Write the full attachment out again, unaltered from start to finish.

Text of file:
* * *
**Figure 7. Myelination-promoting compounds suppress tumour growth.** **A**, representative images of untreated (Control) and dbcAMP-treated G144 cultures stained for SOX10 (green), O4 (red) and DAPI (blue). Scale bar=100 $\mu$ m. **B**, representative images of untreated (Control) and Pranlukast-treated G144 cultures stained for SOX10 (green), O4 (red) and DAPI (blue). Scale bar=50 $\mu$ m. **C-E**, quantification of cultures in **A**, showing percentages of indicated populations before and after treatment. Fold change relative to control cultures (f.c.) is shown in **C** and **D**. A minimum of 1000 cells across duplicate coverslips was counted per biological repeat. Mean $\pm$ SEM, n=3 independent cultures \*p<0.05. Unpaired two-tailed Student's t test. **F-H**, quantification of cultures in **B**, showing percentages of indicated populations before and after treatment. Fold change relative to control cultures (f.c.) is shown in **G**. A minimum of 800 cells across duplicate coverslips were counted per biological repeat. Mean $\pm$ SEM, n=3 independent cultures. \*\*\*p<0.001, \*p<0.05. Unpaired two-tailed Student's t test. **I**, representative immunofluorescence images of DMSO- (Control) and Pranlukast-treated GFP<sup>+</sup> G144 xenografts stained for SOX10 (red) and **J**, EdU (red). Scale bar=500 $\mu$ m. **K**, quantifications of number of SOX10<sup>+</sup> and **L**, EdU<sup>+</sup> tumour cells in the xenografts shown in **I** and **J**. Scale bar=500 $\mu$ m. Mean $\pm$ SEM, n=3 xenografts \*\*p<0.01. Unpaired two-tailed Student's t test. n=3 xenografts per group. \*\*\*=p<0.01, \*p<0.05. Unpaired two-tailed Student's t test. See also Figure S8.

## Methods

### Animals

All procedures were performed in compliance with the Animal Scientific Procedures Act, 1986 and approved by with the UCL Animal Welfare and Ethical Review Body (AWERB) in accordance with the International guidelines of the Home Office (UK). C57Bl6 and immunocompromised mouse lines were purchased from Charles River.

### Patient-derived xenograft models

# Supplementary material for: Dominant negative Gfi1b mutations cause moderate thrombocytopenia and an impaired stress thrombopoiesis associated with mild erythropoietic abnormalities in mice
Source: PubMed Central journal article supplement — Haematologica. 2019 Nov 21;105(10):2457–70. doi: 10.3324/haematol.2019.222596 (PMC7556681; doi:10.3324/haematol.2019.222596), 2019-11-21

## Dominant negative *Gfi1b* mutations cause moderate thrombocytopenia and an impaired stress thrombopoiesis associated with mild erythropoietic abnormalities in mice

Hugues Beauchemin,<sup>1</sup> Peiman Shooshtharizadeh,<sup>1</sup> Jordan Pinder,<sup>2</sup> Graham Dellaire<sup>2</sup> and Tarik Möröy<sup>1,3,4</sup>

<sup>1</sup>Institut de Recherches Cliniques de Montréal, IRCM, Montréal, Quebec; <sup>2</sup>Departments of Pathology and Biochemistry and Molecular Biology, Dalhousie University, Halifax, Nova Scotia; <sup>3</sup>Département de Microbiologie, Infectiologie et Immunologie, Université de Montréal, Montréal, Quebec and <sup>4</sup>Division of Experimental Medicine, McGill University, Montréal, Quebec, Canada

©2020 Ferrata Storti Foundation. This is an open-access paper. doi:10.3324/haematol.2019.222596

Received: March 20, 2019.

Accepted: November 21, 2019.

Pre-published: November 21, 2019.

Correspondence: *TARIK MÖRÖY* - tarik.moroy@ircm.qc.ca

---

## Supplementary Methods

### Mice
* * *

**Figure 7. Myelination-promoting compounds suppress tumour growth.** **A**, representative images of untreated (Control) and dbcAMP-treated G144 cultures stained for SOX10 (green), O4 (red) and DAPI (blue). Scale bar=100 $\mu$ m. **B**, representative images of untreated (Control) and Pranlukast-treated G144 cultures stained for SOX10 (green), O4 (red) and DAPI (blue). Scale bar=50 $\mu$ m. **C-E**, quantification of cultures in **A**, showing percentages of indicated populations before and after treatment. Fold change relative to control cultures (f.c.) is shown in **C** and **D**. A minimum of 1000 cells across duplicate coverslips was counted per biological repeat. Mean $\pm$ SEM, n=3 independent cultures \*p<0.05. Unpaired two-tailed Student's t test. **F-H**, quantification of cultures in **B**, showing percentages of indicated populations before and after treatment. Fold change relative to control cultures (f.c.) is shown in **G**. A minimum of 800 cells across duplicate coverslips were counted per biological repeat. Mean $\pm$ SEM, n=3 independent cultures. \*\*\*p<0.001, \*p<0.05. Unpaired two-tailed Student's t test. **I**, representative immunofluorescence images of DMSO- (Control) and Pranlukast-treated GFP<sup>+</sup> G144 xenografts stained for SOX10 (red) and **J**, EdU (red). Scale bar=500 $\mu$ m. **K**, quantifications of number of SOX10<sup>+</sup> and **L**, EdU<sup>+</sup> tumour cells in the xenografts shown in **I** and **J**. Scale bar=500 $\mu$ m. Mean $\pm$ SEM, n=3 xenografts \*\*p<0.01. Unpaired two-tailed Student's t test. n=3 xenografts per group. \*\*\*=p<0.01, \*p<0.05. Unpaired two-tailed Student's t test. See also Figure S8.

## Methods

### Animals

All procedures were performed in compliance with the Animal Scientific Procedures Act, 1986 and approved by with the UCL Animal Welfare and Ethical Review Body (AWERB) in accordance with the International guidelines of the Home Office (UK). C57Bl6 and immunocompromised mouse lines were purchased from Charles River.

### Patient-derived xenograft models

# Supplementary material for: Dominant negative Gfi1b mutations cause moderate thrombocytopenia and an impaired stress thrombopoiesis associated with mild erythropoietic abnormalities in mice
Source: PubMed Central journal article supplement — Haematologica. 2019 Nov 21;105(10):2457–70. doi: 10.3324/haematol.2019.222596 (PMC7556681; doi:10.3324/haematol.2019.222596), 2019-11-21

## Dominant negative *Gfi1b* mutations cause moderate thrombocytopenia and an impaired stress thrombopoiesis associated with mild erythropoietic abnormalities in mice

Hugues Beauchemin,<sup>1</sup> Peiman Shooshtharizadeh,<sup>1</sup> Jordan Pinder,<sup>2</sup> Graham Dellaire<sup>2</sup> and Tarik Möröy<sup>1,3,4</sup>

<sup>1</sup>Institut de Recherches Cliniques de Montréal, IRCM, Montréal, Quebec; <sup>2</sup>Departments of Pathology and Biochemistry and Molecular Biology, Dalhousie University, Halifax, Nova Scotia; <sup>3</sup>Département de Microbiologie, Infectiologie et Immunologie, Université de Montréal, Montréal, Quebec and <sup>4</sup>Division of Experimental Medicine, McGill University, Montréal, Quebec, Canada

©2020 Ferrata Storti Foundation. This is an open-access paper. doi:10.3324/haematol.2019.222596

Received: March 20, 2019.

Accepted: November 21, 2019.

Pre-published: November 21, 2019.

Correspondence: *TARIK MÖRÖY* - tarik.moroy@ircm.qc.ca

---

## Supplementary Methods

### Mice